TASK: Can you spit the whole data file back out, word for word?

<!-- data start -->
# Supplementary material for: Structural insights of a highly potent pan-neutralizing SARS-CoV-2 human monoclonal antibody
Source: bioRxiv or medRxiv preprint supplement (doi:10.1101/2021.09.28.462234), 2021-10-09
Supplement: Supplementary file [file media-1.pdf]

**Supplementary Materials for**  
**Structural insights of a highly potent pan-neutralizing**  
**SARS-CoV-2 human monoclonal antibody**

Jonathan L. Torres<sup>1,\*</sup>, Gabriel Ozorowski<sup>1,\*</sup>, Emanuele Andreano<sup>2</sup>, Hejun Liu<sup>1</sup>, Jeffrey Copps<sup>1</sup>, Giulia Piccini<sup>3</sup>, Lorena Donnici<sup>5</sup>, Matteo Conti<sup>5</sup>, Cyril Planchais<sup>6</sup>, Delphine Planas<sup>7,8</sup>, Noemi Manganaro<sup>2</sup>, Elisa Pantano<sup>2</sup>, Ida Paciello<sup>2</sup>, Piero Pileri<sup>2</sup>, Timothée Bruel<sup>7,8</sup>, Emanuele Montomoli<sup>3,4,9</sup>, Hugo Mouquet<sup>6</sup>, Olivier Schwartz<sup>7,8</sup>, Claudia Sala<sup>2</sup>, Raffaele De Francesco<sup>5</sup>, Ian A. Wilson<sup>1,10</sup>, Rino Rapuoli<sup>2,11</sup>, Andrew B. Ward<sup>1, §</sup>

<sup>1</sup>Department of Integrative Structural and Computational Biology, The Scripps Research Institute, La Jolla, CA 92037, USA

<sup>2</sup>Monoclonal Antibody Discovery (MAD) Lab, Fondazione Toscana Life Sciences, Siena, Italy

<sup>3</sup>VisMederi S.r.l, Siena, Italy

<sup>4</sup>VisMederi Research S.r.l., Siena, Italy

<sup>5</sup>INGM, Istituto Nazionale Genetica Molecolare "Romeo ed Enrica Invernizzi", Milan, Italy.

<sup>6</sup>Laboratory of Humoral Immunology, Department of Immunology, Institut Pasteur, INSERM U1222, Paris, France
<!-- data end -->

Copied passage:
# Supplementary material for: Structural insights of a highly potent pan-neutralizing SARS-CoV-2 human monoclonal antibody
Source: bioRxiv or medRxiv preprint supplement (doi:10.1101/2021.09.28.462234), 2021-10-09
Supplement: Supplementary file [file media-1.pdf]

**Supplementary Materials for**  
**Structural insights of a highly potent pan-neutralizing**  
**SARS-CoV-2 human monoclonal antibody**

Jonathan L. Torres<sup>1,\*</sup>, Gabriel Ozorowski<sup>1,\*</sup>, Emanuele Andreano<sup>2</sup>, Hejun Liu<sup>1</sup>, Jeffrey Copps<sup>1</sup>, Giulia Piccini<sup>3</sup>, Lorena Donnici<sup>5</sup>, Matteo Conti<sup>5</sup>, Cyril Planchais<sup>6</sup>, Delphine Planas<sup>7,8</sup>, Noemi Manganaro<sup>2</sup>, Elisa Pantano<sup>2</sup>, Ida Paciello<sup>2</sup>, Piero Pileri<sup>2</sup>, Timothée Bruel<sup>7,8</sup>, Emanuele Montomoli<sup>3,4,9</sup>, Hugo Mouquet<sup>6</sup>, Olivier Schwartz<sup>7,8</sup>, Claudia Sala<sup>2</sup>, Raffaele De Francesco<sup>5</sup>, Ian A. Wilson<sup>1,10</sup>, Rino Rapuoli<sup>2,11</sup>, Andrew B. Ward<sup>1, §</sup>

<sup>1</sup>Department of Integrative Structural and Computational Biology, The Scripps Research Institute, La Jolla, CA 92037, USA

<sup>2</sup>Monoclonal Antibody Discovery (MAD) Lab, Fondazione Toscana Life Sciences, Siena, Italy

<sup>3</sup>VisMederi S.r.l, Siena, Italy

<sup>4</sup>VisMederi Research S.r.l., Siena, Italy

<sup>5</sup>INGM, Istituto Nazionale Genetica Molecolare "Romeo ed Enrica Invernizzi", Milan, Italy.

<sup>6</sup>Laboratory of Humoral Immunology, Department of Immunology, Institut Pasteur, INSERM U1222, Paris, France